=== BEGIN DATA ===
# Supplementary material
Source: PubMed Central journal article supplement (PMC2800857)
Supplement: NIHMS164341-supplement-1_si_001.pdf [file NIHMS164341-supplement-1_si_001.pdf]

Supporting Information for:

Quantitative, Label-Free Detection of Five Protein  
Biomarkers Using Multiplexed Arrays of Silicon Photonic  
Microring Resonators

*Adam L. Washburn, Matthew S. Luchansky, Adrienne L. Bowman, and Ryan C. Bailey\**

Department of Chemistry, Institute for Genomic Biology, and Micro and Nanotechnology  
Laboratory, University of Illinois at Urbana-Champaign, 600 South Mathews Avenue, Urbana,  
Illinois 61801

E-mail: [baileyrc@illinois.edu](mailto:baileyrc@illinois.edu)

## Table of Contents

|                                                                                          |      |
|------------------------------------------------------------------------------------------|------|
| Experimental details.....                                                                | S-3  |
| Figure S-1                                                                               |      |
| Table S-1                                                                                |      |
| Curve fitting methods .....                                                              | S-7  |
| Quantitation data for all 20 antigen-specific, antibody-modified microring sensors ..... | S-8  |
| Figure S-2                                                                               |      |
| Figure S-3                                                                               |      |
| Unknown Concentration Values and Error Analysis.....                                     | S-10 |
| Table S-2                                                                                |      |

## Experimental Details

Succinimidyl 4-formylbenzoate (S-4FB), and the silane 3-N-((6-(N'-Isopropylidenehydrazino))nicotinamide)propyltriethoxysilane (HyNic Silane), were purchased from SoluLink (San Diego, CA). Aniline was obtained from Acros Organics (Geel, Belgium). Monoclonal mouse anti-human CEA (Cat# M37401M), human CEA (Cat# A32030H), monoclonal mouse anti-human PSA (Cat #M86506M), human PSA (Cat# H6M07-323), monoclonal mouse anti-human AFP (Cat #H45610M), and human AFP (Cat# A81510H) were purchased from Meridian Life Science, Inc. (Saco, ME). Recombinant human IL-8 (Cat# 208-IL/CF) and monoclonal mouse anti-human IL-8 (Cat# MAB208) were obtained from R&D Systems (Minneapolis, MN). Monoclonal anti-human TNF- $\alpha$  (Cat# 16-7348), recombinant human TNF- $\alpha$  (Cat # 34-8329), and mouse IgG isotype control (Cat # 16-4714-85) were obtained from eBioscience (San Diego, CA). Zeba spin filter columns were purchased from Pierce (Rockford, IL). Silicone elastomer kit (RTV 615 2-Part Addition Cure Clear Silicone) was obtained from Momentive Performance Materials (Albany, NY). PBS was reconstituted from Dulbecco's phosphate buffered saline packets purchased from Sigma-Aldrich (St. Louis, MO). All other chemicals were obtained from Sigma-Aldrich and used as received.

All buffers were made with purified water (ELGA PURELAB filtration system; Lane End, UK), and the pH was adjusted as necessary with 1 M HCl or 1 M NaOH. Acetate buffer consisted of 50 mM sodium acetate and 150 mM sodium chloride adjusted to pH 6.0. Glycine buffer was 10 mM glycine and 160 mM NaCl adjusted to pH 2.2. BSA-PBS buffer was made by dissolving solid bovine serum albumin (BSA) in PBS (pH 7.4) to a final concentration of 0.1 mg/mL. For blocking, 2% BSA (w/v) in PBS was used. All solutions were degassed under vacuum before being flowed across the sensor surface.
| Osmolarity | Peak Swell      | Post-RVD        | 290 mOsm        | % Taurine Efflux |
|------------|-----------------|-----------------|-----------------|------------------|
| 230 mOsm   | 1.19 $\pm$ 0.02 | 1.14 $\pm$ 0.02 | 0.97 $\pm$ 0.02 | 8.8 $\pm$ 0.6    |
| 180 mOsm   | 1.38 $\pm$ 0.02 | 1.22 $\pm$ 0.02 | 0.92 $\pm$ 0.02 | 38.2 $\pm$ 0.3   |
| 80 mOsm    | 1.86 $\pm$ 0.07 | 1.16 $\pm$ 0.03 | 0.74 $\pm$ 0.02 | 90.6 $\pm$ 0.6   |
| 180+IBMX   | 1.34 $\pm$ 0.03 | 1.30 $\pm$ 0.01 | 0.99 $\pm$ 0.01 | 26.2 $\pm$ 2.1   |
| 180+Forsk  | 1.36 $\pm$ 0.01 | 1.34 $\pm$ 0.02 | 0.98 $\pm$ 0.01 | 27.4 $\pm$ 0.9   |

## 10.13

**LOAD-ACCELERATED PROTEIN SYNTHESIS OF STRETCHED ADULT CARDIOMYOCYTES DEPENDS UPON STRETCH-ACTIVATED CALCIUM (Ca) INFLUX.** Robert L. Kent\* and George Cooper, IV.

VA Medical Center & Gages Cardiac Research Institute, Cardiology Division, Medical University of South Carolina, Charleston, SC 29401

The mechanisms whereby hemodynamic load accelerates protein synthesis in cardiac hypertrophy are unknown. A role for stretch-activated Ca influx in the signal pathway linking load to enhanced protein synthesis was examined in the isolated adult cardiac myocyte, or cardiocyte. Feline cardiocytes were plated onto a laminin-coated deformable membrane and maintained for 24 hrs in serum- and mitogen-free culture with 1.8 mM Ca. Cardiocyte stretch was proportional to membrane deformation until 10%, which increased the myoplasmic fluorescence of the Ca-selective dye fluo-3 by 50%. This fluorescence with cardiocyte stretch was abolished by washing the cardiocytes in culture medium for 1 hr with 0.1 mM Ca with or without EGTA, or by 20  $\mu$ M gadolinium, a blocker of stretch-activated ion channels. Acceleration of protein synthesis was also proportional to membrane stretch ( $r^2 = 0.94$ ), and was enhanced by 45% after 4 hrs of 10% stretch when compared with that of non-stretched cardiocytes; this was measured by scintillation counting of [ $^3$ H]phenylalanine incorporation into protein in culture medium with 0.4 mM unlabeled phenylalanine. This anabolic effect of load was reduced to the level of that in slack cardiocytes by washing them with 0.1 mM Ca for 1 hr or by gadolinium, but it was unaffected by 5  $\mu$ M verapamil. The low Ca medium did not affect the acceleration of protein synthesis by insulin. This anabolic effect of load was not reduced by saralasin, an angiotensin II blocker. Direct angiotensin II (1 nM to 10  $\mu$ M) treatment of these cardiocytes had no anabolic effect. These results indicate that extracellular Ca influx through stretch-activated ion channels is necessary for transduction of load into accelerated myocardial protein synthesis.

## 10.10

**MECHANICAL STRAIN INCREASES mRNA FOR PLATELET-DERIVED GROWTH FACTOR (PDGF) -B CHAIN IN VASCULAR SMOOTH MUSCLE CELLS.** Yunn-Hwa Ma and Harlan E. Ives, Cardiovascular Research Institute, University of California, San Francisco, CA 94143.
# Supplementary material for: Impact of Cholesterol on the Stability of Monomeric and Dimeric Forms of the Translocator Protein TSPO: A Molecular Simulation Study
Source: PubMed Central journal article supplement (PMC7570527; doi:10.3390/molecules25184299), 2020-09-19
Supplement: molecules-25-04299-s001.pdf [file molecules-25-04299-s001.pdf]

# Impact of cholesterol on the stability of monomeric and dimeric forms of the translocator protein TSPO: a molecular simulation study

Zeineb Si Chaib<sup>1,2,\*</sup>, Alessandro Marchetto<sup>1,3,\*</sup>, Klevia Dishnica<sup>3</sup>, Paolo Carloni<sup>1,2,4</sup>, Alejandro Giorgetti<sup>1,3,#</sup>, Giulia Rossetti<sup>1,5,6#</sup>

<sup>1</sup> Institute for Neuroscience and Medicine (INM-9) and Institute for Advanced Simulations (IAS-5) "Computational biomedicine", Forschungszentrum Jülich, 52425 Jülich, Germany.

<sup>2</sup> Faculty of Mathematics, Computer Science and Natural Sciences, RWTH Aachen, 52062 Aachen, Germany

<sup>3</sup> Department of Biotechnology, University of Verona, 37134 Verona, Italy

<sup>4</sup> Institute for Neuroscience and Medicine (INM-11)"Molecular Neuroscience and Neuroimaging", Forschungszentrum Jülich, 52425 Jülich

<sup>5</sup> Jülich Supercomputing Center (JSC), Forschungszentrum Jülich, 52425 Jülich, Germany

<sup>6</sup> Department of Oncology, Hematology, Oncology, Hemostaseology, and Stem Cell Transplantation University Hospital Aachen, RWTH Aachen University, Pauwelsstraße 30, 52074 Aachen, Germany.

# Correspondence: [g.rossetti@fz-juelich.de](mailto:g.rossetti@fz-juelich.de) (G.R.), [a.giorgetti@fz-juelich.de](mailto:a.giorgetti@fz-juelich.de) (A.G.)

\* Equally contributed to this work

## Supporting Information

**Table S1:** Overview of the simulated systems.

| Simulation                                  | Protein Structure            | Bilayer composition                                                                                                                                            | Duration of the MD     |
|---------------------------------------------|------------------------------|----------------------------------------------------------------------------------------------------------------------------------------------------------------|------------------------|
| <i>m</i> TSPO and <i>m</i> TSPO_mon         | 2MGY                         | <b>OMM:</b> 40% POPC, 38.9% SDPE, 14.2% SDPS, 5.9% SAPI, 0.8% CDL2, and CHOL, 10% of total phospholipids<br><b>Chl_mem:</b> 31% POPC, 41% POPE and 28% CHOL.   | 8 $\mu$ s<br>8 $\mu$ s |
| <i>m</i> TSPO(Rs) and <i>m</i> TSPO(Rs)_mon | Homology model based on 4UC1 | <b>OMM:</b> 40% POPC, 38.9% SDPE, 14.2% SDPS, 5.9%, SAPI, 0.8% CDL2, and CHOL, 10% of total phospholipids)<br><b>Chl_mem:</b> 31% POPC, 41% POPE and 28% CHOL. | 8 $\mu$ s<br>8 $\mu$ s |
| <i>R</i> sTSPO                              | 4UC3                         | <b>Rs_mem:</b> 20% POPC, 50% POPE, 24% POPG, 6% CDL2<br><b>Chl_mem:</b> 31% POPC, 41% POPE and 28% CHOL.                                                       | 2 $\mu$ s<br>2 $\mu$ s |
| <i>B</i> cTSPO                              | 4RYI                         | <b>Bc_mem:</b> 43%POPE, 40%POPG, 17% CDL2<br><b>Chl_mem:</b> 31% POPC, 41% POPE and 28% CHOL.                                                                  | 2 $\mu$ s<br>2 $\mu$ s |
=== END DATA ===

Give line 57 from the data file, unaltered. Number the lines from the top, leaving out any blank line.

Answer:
|---------------------------------------------|------------------------------|----------------------------------------------------------------------------------------------------------------------------------------------------------------|------------------------|